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How the new tax law boosts school choice

tax cuts and jobs act

The recently passed 2017 Tax Cuts and Jobs Act is the most significant legislative achievement of the young Trump administration.

Despite recent celebrations by President Trump and GOP lawmakers however, a CNN poll released right before the bill’s passage showed 55 percent of the American public opposed the plan.

The lion’s share of opposition stems from the perception that the new tax law does more to benefit wealthy citizens and corporations than middle- and lower-class Americans, CNN reports.

Time will tell how the bill impacts the U.S. economy, and whether public perceptions shift as tax cuts are implemented. But, as experts begin to dig into the details, one thing is clear: The new law has implications beyond take-home pay and personal income.

School leaders, for one, should pay close attention to one provision that experts say could significantly impact students and families.

As Andrew Ujifusa reports in Education Week, the new law expands the tax-deductible use of 529 savings accounts to elementary and secondary education expenses, including tuition for private schools. Previously, funds from these accounts could only be withdrawn tax-free for the use of college tuition and expenses.

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While a previous version of the bill included an amendment, introduced by Sen. Ted Cruz (R-Texas), that also allowed funds from these plans to be used for home schooling, Senate rules on budget reconciliation dictated that such a provision be excluded from the law.

The move to make tax-exempt funds from 529 accounts available to help families pay for private school costs could represent a significant shift in the K-12 funding landscape. As Ujifusa writes, “The shift in 529 plans would be the biggest win so far for school choice advocates on the federal front this year since Trump took office.”

The 529 expansion could also have a significant effect on state tax revenue, writes the American Enterprise Institute’s Nat Malkus in a New York Times op-ed.

According to Malkus, 33 states have tax deductions aimed at boosting investment in 529 savings accounts. The original intent was to encourage parents to create long-term savings plans for their children’s college education.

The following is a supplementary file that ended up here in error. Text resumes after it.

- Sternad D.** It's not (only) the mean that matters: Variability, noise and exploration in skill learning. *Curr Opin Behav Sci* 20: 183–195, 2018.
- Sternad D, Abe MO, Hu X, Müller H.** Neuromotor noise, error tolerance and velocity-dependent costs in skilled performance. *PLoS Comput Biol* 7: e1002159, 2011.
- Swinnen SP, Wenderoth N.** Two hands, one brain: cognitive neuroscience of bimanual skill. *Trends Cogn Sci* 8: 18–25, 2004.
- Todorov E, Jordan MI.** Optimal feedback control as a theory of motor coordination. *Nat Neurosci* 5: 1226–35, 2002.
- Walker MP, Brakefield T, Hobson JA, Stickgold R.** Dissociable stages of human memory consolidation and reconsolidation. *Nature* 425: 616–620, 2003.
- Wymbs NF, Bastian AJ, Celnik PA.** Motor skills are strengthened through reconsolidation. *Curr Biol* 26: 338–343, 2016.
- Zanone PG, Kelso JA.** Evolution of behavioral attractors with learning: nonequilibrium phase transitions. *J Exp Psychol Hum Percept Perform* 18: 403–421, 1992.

By allowing 529 funds to be applied to K-12 schooling, Malkus writes, parents now have the opportunity to place funds in these accounts, avoid state income taxes, then apply the funds to private school expenses.

While the new law limits federal tax-free benefits to $10,000 annually, Malkus says that in states where tax-free caps are much higher—such as in Colorado, New Mexico, South Carolina, and West Virginia, where all 529 contributions are tax deductible—parents could potentially fully fund private school tuition without paying state taxes.

This would precipitate a significant drop in state tax revenues and—potentially, some say, K-12 public schools budgets.

Time will tell whether the new tax cuts have the impact that some education experts have predicted. Still, the new law continues a trend of school choice expansion on both the federal and state level.

According to the 74, Education Secretary Betsy DeVos—a strong proponent of school choice policies—expressed her support for the expansion of 529 funds. But, she told a crowd at a recent K-12 summit that more work needs to be done to boost school choice nationally:

“Anything that empowers parents and gives them more opportunities is a good thing, but it doesn’t address the needs of parents who are from lower incomes and does not empower them in significant ways. That has to continue to be an important consideration on our radar screen.”

What do you think of the new tax law? Will this new provision have a significant impact on public schools and school funding? Tell us in the comments.

About the Author

Todd Kominiak
Todd is Managing Editor of TrustED. Email: tkominiak@k12insight.com.

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